But those billions of dollars have yet “to translate into billions in building.” Perhaps most disappointingly, Bush has forgotten about his promise to the nation to confront poverty “with bold action.“
Texans dislike the federal government even more than most other Americans do. According to a February poll conducted by the University of Texas and the Texas Tribune, only 23 percent of Texans view the federal government favorably, while 57 percent view it unfavorably, including more than a third who hold a “very unfavorable” view.
Texas dislikes the federal government so much that eight of its congressional representatives, along with Senator Ted Cruz, opposed disaster relief for the victims of Hurricane Sandy – adding to the awkwardness of their lobbying for the federal relief now heading Texas’s way.
Yet even before the current floods, Texas had received more disaster relief than any other state, according to a study by the Center for American Progress. That’s not simply because the state is so large. It’s also because Texas is particularly vulnerable to extreme weather – tornadoes on the plains, hurricanes in the Gulf, flooding across its middle and south.
Given this, you might also think Texas would take climate change especially seriously. But here again, there’s cognitive dissonance between what the state needs and how its officials act.
Among Texas’s infamous climate-change deniers is Lamar Smith, chairman of the House Committee on Science, Space, and Technology, who dismissed last year’s report by the United Nations’ Intergovernmental Panel on Climate Change as “more political than scientific,“ and the White House report on the urgency of addressing climate change as designed “to frighten Americans.” Smith is still at it. His committee just slashed by more than 20 percent NASA’s spending on Earth science, which includes climate change. (more…)
Let’s go to school. I was confused about the Voting Rights Act of 1965. Was does it do? Why was it necessary? Why was Section Five so important? Constitutional scholar Linda Monk answers all of these questions and more.
As you listen to this podcast, I would encourage you to check out some references. First, here is the Voting Rights Act. Secondly, Linda mentions a case that I had never heard of – South Carolina verses Katzenbach (more information here). You should also review the 15th amendment, which gives Congress the power to make voting fair across the US. We discuss the Supreme Court’s decision to strike down Section Five of the Voting Rights Act. Finally, we discuss Eric Holder’s bid to try and make sure that elections are fair for everyone.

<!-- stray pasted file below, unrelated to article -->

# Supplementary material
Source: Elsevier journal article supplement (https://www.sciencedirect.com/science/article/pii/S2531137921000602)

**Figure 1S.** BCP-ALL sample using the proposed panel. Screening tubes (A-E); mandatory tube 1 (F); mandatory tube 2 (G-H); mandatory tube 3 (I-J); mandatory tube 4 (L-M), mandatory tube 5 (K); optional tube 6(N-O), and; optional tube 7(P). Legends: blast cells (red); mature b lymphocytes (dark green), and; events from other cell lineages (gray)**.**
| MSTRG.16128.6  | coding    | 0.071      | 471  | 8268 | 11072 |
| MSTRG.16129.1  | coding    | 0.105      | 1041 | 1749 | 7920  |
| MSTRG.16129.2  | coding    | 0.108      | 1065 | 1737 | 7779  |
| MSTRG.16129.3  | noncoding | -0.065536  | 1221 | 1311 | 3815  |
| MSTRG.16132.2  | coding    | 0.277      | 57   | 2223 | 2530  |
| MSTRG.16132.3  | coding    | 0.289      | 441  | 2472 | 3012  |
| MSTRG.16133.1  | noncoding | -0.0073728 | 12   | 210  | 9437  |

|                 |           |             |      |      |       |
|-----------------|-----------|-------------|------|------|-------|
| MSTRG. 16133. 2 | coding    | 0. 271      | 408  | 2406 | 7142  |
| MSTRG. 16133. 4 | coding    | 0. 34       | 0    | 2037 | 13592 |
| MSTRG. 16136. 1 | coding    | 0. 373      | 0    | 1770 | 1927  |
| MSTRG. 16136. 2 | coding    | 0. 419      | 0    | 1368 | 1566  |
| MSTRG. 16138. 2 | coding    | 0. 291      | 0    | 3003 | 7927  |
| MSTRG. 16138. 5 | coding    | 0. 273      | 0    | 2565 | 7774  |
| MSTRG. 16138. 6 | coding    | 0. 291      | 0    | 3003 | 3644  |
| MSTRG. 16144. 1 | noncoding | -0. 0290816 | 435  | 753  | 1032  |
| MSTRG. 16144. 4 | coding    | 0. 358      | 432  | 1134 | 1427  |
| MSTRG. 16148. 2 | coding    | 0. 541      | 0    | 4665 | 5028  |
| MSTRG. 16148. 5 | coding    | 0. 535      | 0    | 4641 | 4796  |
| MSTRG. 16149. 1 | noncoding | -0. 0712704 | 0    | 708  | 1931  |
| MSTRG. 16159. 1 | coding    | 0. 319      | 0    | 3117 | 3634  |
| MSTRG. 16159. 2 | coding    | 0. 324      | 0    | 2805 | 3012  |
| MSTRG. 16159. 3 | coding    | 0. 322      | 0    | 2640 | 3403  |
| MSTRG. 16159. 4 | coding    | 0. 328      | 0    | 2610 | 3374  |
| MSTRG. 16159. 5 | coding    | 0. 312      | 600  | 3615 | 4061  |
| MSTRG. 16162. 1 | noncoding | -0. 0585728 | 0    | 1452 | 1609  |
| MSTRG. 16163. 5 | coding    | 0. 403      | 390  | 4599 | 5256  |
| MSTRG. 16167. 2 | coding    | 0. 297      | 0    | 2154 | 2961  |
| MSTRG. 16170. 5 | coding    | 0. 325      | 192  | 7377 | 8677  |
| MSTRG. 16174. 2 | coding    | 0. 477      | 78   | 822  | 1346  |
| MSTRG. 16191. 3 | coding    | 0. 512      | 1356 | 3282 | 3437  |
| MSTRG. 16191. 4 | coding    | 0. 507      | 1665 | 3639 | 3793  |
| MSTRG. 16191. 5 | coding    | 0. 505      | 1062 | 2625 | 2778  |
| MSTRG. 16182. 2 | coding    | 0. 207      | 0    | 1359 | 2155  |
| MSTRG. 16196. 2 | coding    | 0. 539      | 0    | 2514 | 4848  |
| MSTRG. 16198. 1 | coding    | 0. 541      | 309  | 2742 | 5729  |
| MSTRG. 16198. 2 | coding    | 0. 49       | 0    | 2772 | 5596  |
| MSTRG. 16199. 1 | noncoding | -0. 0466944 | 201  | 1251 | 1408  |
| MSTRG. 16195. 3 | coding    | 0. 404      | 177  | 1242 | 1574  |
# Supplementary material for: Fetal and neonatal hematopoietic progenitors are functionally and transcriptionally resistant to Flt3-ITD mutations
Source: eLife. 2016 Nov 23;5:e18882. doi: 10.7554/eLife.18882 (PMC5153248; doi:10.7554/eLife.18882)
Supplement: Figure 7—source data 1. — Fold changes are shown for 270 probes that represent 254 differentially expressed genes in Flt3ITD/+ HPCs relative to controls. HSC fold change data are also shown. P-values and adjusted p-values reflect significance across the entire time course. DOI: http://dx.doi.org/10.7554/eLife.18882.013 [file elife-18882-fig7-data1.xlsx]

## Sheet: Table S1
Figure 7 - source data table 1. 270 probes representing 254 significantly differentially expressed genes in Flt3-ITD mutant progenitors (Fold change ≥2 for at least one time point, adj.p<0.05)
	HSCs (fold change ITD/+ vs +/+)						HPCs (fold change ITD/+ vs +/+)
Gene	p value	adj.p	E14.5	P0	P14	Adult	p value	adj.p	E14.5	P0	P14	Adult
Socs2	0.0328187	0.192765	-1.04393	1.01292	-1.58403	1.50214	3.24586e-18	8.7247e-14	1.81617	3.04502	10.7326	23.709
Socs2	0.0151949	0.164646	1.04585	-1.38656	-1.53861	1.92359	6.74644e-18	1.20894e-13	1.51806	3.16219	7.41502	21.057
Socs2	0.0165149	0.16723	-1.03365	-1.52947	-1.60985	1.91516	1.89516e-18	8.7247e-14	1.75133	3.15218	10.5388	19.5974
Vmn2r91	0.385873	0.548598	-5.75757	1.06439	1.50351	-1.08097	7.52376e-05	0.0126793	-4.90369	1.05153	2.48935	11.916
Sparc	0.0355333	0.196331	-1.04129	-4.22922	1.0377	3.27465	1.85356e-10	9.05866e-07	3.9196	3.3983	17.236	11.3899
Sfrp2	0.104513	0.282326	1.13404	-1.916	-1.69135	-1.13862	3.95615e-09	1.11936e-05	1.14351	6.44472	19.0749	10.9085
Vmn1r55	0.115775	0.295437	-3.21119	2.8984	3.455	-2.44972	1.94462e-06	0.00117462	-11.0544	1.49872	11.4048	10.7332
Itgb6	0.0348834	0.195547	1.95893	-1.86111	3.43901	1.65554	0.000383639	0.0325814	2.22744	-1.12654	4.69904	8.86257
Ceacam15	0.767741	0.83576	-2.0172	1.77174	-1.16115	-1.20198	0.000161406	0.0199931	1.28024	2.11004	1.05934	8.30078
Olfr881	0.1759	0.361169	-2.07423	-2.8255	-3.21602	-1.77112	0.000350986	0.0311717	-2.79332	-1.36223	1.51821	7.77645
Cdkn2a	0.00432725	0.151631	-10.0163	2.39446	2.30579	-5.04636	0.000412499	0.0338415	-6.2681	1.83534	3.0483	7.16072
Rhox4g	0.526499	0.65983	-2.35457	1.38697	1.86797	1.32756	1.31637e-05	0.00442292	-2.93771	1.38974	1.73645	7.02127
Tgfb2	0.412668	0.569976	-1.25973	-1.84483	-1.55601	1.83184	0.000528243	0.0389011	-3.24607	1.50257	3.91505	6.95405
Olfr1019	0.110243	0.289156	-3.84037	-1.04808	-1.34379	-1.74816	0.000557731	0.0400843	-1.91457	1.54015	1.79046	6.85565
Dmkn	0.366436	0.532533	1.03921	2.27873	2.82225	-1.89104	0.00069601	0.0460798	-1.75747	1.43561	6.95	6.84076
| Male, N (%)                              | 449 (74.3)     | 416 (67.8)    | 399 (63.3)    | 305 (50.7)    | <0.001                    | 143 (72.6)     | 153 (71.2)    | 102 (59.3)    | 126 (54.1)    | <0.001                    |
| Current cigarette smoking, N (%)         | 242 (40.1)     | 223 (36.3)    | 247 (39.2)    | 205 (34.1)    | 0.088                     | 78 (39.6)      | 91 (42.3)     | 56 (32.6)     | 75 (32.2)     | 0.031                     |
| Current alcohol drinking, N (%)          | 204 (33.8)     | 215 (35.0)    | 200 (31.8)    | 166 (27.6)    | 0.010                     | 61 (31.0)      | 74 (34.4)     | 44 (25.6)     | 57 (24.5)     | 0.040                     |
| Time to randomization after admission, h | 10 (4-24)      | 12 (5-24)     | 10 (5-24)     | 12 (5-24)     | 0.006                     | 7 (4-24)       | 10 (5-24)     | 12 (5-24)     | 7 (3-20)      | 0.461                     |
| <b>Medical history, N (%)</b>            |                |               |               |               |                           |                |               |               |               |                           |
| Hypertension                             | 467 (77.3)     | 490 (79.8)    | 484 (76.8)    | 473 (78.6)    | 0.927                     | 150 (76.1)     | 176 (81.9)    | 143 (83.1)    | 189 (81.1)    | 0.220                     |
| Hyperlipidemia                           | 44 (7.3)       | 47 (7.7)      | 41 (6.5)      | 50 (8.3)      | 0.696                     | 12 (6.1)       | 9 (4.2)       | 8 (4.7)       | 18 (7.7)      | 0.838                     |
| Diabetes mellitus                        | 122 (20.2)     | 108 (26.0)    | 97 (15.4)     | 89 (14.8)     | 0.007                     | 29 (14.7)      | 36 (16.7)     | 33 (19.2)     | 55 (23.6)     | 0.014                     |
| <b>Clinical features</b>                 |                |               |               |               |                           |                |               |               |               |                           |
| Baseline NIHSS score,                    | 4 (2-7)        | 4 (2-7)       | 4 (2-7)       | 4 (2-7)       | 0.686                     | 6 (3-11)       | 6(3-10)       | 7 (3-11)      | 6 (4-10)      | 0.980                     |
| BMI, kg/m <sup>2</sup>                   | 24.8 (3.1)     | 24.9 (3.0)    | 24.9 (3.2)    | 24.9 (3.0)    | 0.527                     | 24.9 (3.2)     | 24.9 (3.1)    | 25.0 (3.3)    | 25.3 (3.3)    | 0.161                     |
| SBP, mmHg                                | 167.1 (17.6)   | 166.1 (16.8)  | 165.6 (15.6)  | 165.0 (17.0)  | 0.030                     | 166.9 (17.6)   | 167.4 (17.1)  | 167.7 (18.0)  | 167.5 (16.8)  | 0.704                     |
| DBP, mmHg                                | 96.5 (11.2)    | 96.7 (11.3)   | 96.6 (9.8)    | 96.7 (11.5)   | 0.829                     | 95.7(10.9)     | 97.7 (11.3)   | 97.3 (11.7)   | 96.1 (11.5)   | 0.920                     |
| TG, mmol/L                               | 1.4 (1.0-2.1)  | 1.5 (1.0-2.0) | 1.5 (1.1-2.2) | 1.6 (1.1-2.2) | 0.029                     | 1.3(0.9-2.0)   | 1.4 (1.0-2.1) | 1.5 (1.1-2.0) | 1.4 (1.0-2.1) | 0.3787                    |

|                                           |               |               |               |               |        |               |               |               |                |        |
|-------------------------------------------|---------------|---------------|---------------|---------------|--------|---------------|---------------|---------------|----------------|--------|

This is a great interview and conversation. Sit back and enjoy.
Update: Linda Monk clarifies: “FYI, technically the Supreme Court did NOT decide to strike down Section 5 of the VRA; it struck down the threshold definition used in Section 4, which meant that Section 5 did not kick in.” As usual, I was kind of clueless. So, I went back to the Voting Rights Act and looked at Section 4. Of course, Linda is correct. Here’s how ScotusBlog puts it – Today the Court issued its decision in Shelby County v. Holder, the challenge to the constitutionality of the preclearance provisions of the Voting Rights Act. That portion of the Act was designed to prevent discrimination in voting by requiring all state and local governments with a history of voting discrimination to get approval from the federal government before making any changes to their voting laws or procedures, no matter how small. In an opinion by Chief Justice John Roberts that was joined by Justices Scalia, Kennedy, Thomas, and Alito, the Court did not invalidate the principle that preclearance can be required. But much more importantly, it held that Section 4 of the Voting Rights Act, which sets out the formula that is used to determine which state and local governments must comply with Section 5’s preapproval requirement, is unconstitutional and can no longer be used. Thus, although Section 5 survives, it will have no actual effect unless and until Congress can enact a new statute to determine who should be covered by it.